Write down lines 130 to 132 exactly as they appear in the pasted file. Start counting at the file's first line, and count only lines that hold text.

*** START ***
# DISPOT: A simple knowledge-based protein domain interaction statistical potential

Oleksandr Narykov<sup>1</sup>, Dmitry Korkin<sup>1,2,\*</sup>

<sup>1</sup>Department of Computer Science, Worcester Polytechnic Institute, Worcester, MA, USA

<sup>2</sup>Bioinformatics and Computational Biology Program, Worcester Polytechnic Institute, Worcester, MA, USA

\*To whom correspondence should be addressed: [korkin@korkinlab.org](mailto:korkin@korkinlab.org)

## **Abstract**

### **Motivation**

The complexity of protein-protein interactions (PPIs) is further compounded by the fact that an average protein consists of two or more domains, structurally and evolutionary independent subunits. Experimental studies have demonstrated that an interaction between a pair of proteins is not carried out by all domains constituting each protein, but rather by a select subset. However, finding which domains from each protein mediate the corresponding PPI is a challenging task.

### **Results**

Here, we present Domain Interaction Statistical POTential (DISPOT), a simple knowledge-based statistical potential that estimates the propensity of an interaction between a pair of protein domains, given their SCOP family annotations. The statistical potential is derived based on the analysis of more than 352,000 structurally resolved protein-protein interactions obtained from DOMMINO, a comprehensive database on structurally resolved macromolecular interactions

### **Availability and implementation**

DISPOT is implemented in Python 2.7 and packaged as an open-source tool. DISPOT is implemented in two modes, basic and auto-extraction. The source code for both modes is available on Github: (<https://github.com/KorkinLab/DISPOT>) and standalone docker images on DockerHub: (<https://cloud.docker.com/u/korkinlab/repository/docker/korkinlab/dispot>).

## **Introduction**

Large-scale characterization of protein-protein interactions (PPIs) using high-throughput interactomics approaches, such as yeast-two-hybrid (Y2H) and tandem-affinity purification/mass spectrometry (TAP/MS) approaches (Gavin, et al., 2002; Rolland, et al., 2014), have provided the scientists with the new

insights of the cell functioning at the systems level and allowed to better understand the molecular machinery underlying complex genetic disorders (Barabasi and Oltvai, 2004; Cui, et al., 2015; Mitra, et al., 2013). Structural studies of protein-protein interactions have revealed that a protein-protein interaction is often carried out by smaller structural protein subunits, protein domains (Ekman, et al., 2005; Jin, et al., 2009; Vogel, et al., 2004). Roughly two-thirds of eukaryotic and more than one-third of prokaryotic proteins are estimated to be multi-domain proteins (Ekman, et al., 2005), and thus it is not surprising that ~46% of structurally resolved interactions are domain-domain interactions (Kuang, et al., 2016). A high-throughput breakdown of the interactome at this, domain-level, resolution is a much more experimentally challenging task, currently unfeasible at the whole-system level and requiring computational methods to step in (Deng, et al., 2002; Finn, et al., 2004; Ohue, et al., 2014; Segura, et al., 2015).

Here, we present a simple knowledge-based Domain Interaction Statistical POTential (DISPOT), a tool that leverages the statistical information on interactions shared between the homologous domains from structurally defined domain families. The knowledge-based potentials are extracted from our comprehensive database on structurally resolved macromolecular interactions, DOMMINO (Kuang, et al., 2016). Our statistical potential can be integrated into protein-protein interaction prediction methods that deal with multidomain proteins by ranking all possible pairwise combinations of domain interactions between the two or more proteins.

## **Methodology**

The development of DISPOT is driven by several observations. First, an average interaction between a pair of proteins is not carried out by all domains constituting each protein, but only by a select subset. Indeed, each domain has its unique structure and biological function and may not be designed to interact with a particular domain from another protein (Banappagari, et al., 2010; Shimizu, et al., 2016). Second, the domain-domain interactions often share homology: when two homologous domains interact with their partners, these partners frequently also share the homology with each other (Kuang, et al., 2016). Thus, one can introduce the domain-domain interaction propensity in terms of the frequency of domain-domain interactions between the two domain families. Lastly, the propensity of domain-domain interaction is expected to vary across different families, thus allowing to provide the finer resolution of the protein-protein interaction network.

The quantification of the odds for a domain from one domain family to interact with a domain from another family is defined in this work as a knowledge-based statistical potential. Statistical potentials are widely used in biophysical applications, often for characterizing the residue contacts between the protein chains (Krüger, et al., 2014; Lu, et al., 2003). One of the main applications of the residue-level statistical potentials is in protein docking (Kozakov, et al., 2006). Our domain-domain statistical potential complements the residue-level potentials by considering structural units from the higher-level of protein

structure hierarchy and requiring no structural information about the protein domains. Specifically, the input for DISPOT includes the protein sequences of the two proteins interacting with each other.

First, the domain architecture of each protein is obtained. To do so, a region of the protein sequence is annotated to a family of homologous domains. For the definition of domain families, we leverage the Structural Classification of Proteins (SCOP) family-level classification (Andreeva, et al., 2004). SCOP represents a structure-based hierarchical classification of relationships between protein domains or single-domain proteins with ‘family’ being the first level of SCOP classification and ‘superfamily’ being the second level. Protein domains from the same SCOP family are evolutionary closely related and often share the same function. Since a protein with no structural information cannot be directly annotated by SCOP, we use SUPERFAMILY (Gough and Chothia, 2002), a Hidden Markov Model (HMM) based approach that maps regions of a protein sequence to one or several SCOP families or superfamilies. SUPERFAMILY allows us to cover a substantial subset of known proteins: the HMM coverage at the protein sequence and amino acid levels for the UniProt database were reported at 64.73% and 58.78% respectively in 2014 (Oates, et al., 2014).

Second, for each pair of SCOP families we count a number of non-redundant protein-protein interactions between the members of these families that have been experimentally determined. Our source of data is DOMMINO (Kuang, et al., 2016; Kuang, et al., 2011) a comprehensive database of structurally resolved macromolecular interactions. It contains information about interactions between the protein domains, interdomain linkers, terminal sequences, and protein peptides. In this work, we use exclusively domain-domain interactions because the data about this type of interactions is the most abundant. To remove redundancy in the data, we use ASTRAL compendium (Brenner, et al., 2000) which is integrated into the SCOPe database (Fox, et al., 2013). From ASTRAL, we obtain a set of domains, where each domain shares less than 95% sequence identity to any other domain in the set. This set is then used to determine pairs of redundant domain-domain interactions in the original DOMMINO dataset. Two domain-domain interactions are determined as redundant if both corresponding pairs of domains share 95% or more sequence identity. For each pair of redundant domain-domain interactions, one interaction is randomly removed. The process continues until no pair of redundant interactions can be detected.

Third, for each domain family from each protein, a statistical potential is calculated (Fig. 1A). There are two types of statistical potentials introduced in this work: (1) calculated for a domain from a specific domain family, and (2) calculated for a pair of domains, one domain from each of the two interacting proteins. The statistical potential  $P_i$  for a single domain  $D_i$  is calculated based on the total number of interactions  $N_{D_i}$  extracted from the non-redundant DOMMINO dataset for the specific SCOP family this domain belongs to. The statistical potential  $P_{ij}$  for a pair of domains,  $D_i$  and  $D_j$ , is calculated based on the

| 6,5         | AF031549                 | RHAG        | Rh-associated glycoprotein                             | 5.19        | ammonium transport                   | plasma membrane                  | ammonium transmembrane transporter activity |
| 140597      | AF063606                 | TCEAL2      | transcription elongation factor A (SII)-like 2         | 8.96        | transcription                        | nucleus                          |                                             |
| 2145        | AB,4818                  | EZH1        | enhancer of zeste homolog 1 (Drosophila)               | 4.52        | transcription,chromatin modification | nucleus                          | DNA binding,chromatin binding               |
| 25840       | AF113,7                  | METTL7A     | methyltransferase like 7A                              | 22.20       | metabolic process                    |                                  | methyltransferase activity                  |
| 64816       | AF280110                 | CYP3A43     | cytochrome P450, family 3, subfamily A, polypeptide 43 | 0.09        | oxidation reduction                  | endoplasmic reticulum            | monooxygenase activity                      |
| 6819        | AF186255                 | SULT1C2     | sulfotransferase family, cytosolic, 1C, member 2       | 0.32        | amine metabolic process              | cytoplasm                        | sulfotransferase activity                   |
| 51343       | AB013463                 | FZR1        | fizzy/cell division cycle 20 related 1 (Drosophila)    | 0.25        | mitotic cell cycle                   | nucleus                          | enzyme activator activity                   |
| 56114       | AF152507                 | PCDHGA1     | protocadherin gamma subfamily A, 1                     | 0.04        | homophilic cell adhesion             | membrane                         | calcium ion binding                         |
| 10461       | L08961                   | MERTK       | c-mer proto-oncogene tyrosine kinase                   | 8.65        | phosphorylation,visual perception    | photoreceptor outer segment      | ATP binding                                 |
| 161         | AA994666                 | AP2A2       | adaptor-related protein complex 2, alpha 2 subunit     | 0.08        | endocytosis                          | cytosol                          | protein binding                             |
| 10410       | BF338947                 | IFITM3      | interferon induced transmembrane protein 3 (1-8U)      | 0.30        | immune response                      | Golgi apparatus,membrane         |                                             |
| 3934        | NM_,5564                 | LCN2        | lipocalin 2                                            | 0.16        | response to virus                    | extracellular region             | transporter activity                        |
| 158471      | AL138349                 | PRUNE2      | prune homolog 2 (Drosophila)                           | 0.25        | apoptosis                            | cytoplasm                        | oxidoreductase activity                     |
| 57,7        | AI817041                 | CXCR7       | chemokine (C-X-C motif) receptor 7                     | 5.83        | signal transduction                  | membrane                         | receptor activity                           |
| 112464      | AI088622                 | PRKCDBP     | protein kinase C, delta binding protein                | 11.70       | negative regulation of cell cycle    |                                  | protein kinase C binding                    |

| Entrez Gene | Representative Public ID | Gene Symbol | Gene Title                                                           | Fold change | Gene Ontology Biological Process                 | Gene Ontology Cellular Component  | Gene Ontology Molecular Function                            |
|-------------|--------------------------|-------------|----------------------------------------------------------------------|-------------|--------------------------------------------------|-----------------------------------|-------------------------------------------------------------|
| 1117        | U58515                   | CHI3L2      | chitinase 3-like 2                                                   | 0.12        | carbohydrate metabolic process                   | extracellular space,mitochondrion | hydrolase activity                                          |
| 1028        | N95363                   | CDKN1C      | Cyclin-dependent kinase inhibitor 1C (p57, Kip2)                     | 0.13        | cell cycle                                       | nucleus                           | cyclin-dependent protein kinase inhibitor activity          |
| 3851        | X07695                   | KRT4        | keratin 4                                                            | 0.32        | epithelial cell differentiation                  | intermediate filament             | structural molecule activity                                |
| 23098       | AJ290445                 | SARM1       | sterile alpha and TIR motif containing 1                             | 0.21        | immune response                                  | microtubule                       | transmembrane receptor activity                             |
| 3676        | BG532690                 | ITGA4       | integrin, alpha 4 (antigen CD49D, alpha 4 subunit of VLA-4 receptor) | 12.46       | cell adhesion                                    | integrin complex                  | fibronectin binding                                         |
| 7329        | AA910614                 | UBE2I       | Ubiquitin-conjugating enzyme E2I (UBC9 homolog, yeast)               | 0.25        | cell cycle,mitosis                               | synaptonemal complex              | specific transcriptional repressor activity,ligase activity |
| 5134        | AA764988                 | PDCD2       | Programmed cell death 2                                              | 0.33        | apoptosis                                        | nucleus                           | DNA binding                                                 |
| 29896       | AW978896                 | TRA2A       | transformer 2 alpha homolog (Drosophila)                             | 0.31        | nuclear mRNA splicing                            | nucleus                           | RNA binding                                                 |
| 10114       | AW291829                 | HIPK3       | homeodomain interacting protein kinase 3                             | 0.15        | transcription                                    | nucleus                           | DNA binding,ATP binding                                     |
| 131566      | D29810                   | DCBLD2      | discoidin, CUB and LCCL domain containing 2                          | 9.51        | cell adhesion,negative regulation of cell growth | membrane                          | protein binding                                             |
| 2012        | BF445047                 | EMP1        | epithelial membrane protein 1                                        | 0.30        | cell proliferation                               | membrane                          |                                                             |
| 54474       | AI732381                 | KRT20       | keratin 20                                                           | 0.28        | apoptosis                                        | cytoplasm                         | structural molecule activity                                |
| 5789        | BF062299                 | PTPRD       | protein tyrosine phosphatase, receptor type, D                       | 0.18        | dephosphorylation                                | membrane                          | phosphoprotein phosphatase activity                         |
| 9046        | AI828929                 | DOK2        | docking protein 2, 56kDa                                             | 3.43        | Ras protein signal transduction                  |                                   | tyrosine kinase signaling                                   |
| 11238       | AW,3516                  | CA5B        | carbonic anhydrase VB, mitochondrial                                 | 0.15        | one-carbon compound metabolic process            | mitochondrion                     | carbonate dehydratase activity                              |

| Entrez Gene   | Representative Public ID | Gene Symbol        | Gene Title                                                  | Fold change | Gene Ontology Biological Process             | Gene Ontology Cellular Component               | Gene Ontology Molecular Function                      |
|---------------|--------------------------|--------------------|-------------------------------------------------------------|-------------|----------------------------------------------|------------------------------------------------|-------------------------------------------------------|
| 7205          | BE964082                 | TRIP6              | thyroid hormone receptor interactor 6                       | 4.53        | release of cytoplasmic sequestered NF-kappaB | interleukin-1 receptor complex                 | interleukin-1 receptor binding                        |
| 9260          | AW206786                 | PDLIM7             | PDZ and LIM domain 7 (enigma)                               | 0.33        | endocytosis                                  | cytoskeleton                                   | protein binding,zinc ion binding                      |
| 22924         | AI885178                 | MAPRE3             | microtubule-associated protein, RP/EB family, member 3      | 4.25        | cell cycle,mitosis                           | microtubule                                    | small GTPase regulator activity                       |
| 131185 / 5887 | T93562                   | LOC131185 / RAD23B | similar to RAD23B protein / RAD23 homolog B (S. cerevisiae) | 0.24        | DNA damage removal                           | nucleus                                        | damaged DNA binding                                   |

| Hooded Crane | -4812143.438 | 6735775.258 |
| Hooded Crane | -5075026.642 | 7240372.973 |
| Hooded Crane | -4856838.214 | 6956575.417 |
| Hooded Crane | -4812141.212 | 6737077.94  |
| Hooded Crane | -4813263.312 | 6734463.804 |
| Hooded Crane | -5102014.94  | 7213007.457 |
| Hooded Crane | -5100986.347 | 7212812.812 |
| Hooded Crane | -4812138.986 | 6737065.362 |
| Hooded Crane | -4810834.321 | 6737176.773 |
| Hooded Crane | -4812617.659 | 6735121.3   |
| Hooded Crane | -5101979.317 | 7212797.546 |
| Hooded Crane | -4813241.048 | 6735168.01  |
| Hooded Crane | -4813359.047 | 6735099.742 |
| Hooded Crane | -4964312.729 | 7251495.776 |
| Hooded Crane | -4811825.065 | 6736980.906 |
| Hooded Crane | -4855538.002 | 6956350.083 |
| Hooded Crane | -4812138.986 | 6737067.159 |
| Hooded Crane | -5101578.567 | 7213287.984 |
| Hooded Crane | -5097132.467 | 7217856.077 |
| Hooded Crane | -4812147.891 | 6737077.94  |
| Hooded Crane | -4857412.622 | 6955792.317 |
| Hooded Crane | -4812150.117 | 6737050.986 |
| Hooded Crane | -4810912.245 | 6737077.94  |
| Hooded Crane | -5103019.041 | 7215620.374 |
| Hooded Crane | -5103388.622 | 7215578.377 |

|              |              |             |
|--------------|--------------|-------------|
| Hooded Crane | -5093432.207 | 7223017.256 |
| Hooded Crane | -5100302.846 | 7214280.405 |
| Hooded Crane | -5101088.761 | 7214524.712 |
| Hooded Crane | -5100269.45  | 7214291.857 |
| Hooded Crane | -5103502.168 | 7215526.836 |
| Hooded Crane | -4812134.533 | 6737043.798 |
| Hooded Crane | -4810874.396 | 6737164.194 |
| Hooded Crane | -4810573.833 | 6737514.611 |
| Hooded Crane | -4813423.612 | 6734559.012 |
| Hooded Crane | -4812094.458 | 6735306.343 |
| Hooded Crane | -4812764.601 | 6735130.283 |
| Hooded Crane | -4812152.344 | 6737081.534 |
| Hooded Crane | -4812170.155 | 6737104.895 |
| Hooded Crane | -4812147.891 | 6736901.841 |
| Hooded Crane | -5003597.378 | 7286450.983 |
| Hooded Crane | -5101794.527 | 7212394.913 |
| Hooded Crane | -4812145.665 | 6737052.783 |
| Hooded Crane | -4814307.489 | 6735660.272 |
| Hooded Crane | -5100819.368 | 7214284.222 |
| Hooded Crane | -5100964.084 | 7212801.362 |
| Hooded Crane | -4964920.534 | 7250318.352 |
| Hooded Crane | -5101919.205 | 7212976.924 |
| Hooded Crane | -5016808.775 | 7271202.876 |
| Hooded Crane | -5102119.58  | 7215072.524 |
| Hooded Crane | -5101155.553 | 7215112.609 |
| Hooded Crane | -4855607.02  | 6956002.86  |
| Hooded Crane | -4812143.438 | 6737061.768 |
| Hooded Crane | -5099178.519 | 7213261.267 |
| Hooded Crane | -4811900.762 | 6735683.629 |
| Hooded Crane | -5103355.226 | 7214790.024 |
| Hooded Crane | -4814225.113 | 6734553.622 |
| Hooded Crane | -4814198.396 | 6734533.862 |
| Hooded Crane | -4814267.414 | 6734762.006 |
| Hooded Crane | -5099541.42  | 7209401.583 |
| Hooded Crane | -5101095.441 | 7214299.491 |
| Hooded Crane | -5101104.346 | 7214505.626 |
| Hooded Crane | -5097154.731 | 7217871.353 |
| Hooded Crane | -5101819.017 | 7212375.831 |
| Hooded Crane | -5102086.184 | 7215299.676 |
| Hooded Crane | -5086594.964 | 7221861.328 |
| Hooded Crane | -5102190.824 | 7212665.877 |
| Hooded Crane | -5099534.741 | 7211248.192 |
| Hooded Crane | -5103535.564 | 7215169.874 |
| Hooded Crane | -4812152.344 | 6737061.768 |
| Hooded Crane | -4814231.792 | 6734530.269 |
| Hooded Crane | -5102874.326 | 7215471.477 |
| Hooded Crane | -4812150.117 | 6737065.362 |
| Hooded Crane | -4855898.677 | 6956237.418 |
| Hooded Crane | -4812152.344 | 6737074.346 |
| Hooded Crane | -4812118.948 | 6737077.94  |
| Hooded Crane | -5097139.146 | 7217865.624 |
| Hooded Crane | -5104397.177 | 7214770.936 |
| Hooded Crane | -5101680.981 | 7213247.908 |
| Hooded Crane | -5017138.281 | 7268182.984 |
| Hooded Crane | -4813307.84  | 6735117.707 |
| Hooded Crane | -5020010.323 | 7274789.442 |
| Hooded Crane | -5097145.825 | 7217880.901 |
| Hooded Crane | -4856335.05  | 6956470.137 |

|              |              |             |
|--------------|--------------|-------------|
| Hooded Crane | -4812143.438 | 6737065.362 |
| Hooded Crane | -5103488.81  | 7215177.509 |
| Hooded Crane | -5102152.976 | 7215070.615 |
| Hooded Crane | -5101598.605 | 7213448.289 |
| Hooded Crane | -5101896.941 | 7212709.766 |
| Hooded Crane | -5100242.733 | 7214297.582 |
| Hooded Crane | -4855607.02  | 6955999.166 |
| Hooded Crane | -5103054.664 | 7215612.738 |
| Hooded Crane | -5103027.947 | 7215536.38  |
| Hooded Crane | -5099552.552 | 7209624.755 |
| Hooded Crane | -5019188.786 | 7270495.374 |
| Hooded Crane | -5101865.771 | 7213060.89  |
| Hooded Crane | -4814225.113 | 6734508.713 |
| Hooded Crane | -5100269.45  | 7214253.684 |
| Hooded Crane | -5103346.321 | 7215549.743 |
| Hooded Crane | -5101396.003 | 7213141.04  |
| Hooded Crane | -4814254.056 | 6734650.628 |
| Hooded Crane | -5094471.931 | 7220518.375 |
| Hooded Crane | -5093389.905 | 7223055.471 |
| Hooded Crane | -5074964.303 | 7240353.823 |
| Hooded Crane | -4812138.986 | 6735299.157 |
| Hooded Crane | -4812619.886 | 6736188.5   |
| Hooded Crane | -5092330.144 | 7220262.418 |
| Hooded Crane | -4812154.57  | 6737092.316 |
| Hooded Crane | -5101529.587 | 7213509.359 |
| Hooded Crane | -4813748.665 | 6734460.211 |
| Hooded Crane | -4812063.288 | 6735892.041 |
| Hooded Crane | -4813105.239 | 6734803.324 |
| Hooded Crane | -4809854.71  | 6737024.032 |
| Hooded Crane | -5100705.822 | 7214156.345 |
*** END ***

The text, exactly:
| Hooded Crane | -5099534.741 | 7211248.192 |
| Hooded Crane | -5103535.564 | 7215169.874 |
| Hooded Crane | -4812152.344 | 6737061.768 |